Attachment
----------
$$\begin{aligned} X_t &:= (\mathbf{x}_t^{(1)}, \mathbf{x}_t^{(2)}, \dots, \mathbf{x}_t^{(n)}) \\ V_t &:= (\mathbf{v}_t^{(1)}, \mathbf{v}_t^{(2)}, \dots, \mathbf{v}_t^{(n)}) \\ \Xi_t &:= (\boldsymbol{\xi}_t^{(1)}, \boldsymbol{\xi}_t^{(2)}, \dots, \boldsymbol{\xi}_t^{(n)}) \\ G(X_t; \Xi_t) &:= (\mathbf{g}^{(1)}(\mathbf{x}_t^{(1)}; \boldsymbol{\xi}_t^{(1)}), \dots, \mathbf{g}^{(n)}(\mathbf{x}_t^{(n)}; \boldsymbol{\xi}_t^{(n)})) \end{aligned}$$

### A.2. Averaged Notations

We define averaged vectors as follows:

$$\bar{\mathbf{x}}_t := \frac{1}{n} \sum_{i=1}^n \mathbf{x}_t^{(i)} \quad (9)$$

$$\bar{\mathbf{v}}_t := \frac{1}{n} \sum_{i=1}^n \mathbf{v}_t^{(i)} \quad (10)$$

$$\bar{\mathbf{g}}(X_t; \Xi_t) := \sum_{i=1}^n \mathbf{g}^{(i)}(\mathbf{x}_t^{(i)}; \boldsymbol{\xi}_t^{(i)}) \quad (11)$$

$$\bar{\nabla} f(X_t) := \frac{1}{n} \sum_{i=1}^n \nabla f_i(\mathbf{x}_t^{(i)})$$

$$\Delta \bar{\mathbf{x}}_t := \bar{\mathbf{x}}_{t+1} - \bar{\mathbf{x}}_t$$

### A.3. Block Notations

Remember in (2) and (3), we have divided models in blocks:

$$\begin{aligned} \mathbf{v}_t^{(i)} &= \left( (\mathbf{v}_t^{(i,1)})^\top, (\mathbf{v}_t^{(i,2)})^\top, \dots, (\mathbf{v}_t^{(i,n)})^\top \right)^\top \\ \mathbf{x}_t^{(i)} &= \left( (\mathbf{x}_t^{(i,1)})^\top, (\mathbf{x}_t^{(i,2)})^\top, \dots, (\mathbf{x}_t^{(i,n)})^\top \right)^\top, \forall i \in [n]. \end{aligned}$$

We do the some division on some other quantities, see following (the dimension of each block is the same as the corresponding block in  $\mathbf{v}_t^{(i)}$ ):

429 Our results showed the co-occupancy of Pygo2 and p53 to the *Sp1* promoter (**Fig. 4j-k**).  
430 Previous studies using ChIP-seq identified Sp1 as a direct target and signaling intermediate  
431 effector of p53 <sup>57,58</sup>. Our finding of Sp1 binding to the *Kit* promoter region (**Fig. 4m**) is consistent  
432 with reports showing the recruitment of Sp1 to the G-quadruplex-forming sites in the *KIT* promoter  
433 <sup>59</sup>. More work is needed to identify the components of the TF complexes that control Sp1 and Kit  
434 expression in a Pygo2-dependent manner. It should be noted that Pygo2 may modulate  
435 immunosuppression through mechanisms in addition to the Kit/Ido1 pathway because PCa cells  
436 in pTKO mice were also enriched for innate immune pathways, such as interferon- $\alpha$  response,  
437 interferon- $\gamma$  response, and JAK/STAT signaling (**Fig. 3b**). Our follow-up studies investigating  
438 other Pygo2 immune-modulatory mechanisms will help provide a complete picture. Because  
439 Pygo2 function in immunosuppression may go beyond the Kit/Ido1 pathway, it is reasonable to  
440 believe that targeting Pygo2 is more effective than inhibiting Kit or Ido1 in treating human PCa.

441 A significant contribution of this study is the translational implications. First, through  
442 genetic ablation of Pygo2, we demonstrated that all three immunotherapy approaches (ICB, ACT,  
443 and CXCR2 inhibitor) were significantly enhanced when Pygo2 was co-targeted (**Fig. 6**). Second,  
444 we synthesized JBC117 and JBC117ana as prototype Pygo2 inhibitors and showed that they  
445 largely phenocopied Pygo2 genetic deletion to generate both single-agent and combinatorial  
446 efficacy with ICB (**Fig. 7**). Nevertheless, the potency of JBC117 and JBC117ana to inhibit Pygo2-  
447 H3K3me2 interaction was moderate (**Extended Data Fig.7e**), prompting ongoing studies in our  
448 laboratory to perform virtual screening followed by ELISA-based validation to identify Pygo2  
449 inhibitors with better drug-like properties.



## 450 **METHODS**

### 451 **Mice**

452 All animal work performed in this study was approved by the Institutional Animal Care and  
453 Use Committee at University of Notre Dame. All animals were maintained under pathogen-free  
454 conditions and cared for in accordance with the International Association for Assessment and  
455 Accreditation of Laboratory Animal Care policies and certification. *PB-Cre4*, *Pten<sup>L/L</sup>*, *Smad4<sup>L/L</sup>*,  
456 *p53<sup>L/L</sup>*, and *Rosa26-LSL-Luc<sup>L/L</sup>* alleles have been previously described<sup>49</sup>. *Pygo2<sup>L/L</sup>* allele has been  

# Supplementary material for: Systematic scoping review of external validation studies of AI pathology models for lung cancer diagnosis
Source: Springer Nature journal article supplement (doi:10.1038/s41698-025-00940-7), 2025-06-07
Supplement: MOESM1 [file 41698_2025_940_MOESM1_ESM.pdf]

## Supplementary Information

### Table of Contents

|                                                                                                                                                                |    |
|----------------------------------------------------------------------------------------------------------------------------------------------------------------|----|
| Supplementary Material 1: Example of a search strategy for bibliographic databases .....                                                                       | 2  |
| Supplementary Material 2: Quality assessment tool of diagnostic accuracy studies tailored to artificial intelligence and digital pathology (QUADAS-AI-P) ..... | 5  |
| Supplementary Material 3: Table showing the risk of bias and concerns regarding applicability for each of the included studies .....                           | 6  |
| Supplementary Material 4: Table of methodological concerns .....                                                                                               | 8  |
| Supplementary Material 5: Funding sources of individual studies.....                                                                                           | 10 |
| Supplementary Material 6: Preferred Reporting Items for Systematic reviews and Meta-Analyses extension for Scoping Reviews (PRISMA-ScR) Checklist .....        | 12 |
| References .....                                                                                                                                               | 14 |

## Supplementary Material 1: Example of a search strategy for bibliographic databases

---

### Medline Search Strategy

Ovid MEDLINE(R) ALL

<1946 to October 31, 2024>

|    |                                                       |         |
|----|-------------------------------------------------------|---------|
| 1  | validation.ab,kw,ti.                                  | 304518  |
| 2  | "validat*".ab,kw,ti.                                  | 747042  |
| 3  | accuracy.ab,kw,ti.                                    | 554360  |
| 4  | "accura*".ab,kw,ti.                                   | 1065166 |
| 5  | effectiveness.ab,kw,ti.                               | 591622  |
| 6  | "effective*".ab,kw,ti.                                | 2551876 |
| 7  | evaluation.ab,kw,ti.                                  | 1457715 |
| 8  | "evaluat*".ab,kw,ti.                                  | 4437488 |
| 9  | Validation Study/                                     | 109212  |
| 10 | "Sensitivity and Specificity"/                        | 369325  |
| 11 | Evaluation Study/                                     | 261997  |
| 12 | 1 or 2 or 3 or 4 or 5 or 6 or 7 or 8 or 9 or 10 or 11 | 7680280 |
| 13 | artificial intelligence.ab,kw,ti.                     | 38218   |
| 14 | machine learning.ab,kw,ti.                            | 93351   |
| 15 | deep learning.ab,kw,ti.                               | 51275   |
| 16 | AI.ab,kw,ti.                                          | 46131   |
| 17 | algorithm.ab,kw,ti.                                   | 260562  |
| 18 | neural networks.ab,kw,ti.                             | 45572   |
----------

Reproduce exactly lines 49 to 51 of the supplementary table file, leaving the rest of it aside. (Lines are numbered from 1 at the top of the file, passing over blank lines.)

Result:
| Supplementary Material 2: Quality assessment tool of diagnostic accuracy studies tailored to artificial intelligence and digital pathology (QUADAS-AI-P) ..... | 5  |
| Supplementary Material 3: Table showing the risk of bias and concerns regarding applicability for each of the included studies .....                           | 6  |
| Supplementary Material 4: Table of methodological concerns .....                                                                                               | 8  |